Friday 13 April 2012

1956 Summer Olympics Melbourne: XVI Olympiad

Main poster for the XVI Games
The main competition for the 1956 Games came from Buenos Aires, Argentina and was decided by a single vote on the 4th Round for voting at the 43rd IOC Session in Rome, Italy. Eliminated after the first round were Chicago, Minneapolis, Philadelphia and San Francisco all in the USA. Mexico City after losing 6 of its nine first round votes was eliminated after round two and Los Angeles and Detroit were eliminated after the third round. All six USA cities totalled 10 votes in the first round which would have been more than Buenos Aires and Mexico's nine at that stage had there been a unity candidate.

However, the win for Melbourne meant that the Games were coming south of the Equator for the first time in their history.

Nations 72 (+3)
Competitors 3314 (-1641)
Sports 17 (NC)
Events 145 (-4)

22 November to 8 December, 1956 hosted by Melbourne, Australia


11 to 17 June, 1958 equestrian events hosted by Stockholm, Sweden

Poster for the Equestrian Games
For only the second time the games were held across two countries. Whereas in 1920 in Antwerp, it was one sailing event was moved due to water conditions in this case an entire sport was moved.

Horses in Stockholm

However, an IOC Congress in Athens in 1954 having decided that the the "rigorous stipulations in Australia for bringing in of horses" made it impossible to hold the equestrian events there and entrusted this part of the Games to Stockholm, Sweden.

Bizarrely having the events in two totally separate nations at totally separate teams it meant that five nations took part in the XVI Olympiad without sending any competitors to the 'host' city. These were Cambodia, Egypt, Netherlands, Spain and Switzerland. Of those the Swiss are unique in being the only country to have won an Olympic medal without sending an Athlete to the country that was awarded the Games, with a bronze in the team dressage.

Several of the teams chartered planes to bring their horses to the games. But those from Portugal spent five days on a train to get there. They were then stabled with the Swedish Horse Guards only a few hundred metres from the Stockholm Stadium.

The Olympic Stadion from the 1912 Games was used to host the showjumping and dressage events. Indeed the stadium had been designed in such a way to allow it to be transformed to allow for showjumping overnight even in the 1912 Games, at which Sweden won the team events in jumping and three-day eventing. This was also the venue for showjumping and dressage phases of the eventing.

The three-day eventing endurance phase started about 1 km from the stables. The first phase 7.2km at a pace of no more than 240m per minute started as Husarbron in the Lilljansskogen wood. The second phase 3.6km over just 12 obstacles within a pace of 600m per minute, though there was bonuses for riding it faster than 690m/min, took place at the Ulriksdal dirt track to the north of Stockholm. The cool down period then was a further 14.4km over the same track and conditions of phase one.

Queen Elizabeth II along with her sister visited the equestrian part of the Games, taking a keen interest in the three-day eventing. Especially the that of Britain's Bernie Hicks who she is seen here watching him riding her horse Countryman III through the water obstacle along with (pictured to her left) Princess Margaret, the Duchess of Gloucester and Princess Sibylla of Sweden. Despite the rain Her Majesty, the Swedish Royal Family and members of other European Royal houses spent most of the afternoon watching the competitors.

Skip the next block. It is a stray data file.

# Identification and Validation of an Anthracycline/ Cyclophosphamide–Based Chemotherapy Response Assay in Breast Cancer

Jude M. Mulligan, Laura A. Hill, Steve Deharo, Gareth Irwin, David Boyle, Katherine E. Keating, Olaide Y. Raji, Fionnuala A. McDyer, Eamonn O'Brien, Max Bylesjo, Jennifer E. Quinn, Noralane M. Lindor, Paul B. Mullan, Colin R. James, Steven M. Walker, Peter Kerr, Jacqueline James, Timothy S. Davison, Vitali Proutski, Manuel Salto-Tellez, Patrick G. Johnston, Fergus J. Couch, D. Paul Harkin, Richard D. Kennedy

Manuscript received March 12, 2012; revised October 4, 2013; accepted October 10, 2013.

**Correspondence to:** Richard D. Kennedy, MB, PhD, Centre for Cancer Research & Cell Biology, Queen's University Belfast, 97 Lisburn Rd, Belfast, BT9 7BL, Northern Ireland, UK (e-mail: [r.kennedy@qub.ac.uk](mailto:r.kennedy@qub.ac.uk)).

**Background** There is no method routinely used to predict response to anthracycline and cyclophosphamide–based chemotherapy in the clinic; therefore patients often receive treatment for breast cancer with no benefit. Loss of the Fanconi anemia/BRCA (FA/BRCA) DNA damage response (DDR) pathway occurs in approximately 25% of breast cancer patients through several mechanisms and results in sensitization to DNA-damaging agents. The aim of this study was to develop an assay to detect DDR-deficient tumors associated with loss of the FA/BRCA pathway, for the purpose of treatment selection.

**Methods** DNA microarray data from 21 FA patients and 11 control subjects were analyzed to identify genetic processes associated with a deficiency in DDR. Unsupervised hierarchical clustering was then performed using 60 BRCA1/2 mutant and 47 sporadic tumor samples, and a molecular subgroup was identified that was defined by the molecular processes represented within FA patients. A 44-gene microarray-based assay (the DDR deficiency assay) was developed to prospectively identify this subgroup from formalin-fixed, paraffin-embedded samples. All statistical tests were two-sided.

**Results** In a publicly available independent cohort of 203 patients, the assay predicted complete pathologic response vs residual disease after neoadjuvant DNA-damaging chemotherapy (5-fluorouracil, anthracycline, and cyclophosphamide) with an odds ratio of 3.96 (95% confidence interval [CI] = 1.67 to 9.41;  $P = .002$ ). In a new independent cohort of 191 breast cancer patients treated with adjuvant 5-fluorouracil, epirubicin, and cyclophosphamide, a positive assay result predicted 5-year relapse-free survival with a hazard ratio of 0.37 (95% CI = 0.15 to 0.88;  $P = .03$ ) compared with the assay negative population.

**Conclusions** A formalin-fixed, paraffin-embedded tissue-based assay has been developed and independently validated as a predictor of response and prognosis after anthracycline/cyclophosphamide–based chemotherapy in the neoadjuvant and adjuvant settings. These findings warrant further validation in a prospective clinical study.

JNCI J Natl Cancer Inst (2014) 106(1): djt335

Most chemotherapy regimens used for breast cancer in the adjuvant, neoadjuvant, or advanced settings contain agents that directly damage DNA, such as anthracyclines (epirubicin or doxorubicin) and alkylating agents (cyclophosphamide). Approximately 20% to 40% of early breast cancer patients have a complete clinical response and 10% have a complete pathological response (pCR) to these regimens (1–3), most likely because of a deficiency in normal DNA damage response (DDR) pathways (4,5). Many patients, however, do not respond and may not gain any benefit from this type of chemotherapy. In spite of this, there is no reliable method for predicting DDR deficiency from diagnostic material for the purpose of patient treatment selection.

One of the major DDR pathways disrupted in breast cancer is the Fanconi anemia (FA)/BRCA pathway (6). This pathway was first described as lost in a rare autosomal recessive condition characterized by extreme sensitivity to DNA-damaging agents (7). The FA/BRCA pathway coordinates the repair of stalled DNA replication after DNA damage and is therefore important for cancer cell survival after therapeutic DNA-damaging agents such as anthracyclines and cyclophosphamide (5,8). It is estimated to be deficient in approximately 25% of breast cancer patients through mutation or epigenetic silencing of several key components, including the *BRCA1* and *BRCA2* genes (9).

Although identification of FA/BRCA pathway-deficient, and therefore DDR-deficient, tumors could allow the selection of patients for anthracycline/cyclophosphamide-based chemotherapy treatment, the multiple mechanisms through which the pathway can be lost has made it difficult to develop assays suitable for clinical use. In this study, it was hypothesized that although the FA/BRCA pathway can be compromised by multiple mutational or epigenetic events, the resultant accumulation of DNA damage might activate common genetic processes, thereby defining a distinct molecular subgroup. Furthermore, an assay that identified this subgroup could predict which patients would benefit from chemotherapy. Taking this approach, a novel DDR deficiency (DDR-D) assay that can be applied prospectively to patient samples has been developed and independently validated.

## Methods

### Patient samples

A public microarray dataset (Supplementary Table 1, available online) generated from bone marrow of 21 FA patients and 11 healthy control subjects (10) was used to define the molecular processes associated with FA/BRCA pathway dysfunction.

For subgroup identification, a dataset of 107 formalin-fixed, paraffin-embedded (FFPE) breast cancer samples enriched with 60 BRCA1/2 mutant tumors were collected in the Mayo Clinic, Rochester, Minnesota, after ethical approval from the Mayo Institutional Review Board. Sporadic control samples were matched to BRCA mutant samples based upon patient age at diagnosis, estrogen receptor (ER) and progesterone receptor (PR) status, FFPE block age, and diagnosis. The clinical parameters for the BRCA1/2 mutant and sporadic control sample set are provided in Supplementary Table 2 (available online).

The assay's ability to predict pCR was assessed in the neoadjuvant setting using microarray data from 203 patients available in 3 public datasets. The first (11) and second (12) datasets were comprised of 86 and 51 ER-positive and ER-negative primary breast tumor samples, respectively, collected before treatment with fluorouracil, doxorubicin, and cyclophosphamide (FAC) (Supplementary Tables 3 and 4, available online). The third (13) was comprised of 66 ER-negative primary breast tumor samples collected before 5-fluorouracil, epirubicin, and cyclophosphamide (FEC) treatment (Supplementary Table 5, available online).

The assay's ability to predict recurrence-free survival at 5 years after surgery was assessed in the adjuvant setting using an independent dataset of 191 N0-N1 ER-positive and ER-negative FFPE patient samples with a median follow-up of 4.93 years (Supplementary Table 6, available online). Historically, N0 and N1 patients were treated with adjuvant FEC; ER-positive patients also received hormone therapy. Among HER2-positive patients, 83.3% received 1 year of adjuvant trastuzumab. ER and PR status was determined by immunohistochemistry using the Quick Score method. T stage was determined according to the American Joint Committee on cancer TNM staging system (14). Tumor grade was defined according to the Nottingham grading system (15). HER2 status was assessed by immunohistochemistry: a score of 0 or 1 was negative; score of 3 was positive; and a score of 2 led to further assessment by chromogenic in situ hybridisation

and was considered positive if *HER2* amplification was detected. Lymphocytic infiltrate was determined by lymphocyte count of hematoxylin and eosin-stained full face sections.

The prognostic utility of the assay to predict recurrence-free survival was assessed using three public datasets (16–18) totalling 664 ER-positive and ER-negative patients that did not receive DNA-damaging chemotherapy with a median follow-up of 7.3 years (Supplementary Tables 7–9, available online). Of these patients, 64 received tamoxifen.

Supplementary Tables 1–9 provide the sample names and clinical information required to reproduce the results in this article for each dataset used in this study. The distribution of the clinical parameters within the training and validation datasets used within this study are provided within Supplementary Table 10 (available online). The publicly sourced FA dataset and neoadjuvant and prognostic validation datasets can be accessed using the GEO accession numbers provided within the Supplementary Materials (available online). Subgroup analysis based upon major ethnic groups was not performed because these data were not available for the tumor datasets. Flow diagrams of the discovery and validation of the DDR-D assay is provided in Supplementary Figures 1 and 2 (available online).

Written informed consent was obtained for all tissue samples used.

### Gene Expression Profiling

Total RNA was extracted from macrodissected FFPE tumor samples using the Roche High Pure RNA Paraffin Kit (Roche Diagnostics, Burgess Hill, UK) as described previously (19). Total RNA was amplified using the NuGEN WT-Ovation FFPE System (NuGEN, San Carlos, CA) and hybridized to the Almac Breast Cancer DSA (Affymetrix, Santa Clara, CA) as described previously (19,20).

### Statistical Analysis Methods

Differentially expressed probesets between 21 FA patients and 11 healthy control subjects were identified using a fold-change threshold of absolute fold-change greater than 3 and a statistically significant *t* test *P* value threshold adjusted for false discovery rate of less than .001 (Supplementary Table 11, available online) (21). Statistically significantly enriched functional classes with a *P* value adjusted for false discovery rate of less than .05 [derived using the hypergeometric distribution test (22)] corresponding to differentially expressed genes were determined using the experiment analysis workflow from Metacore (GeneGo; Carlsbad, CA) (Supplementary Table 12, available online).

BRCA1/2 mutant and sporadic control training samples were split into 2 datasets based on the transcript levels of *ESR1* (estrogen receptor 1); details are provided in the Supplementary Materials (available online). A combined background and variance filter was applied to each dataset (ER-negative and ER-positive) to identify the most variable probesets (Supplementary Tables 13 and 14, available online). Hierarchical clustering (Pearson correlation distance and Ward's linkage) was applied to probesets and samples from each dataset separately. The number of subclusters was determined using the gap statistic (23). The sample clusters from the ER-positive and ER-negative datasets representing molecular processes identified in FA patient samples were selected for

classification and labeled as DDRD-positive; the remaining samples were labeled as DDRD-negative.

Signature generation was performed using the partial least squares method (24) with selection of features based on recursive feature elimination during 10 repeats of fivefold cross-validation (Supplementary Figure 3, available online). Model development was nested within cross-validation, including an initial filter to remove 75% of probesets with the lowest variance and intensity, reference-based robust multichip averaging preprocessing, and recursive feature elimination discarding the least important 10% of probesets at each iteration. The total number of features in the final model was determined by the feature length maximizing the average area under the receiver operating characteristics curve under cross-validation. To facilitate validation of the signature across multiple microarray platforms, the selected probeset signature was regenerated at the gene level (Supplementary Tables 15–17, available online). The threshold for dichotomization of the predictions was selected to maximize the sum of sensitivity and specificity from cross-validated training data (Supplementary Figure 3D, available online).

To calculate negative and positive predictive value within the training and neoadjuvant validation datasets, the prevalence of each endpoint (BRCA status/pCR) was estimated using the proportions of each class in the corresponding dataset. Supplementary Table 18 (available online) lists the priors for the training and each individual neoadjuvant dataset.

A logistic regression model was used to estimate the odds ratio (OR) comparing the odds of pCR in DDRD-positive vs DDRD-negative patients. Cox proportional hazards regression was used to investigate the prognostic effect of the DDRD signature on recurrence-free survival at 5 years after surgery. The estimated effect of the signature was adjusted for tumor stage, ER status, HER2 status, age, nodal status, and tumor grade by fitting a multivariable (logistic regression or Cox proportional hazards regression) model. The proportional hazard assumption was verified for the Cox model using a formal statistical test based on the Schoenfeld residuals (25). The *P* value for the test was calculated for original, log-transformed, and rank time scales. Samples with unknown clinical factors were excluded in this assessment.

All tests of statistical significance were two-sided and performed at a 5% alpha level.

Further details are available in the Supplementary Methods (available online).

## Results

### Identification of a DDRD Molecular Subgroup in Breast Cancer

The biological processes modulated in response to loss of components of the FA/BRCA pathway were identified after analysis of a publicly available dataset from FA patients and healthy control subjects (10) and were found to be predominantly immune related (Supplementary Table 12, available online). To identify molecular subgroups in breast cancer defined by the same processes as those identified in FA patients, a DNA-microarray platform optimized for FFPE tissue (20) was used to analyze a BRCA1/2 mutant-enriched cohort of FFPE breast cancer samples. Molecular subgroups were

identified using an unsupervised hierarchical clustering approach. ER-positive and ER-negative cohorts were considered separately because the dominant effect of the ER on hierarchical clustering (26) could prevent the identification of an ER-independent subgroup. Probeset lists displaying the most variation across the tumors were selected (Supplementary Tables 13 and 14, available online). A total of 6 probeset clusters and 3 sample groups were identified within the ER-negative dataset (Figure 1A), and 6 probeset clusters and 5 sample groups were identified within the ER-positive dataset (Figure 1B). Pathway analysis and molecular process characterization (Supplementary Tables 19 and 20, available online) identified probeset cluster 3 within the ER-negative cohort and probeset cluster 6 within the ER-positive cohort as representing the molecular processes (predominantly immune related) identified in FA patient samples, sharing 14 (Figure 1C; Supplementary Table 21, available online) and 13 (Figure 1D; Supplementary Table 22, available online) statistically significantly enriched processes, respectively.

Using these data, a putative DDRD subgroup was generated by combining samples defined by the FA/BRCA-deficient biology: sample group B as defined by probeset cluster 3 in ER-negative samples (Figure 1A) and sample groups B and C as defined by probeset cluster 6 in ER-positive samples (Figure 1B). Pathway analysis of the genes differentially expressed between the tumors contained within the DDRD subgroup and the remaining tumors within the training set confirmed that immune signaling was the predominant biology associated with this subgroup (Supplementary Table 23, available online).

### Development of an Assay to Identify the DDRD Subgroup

The following day for the third discipline the sun was out again and the two Royal Families who between them were hosting the 1956 Olympic Games shared the first golden haul of this summer's Games. In the individual event Petrus Kastenman on Iluster (pictured right) took the individual honours. But Queen Elizabeth's horse with Hicks and Francis Weldon on Kilbarry and Arthur Rook on Wild venture took the honour's for Great Britain and the Queen of Australia.

Sweden dominated the dressage taking both individual and team gold, something that the German's did in the showjumping.

So to Australia

After a successful week in June in Sweden it was off to Australia in November for the main event. Although since the Equestrian Games the USSR had occupied Hungary which led to the withdrawal of Netherlands, Spain and Switzerland who had all competed in Stockholm. Although both Hungary and the USSR took part. It was the turn of the People's Republic of China to boycott the Games because the Republic of China (Taiwan) was being allowed to compete under the name Formosa. There was also the Suez Crisis which led to the non-appearance of Egypt and Malta.

The teams of East and West Germany meanwhile competed as a combined Germany team this arrangement would carry on until 1968.

New nations were Ethiopia, Fiji, Kenya, Liberia, Federation of Malaya, North Borneo (now Sabah part of Malaysia) and Uganda.

Ethiopia and Kenya where not yet the world strength in middle to long distance running they have become and indeed while Ethiopia sent three runners to the marathon, Kenya only sent one man to the 5000m coming 7th, a marathon runner and a high jumper. Of the new nations it was Malaya that had the best performer when K.B. Tan came 6th in the Middle-Heavyweight 82.5-90kg weightlifting category.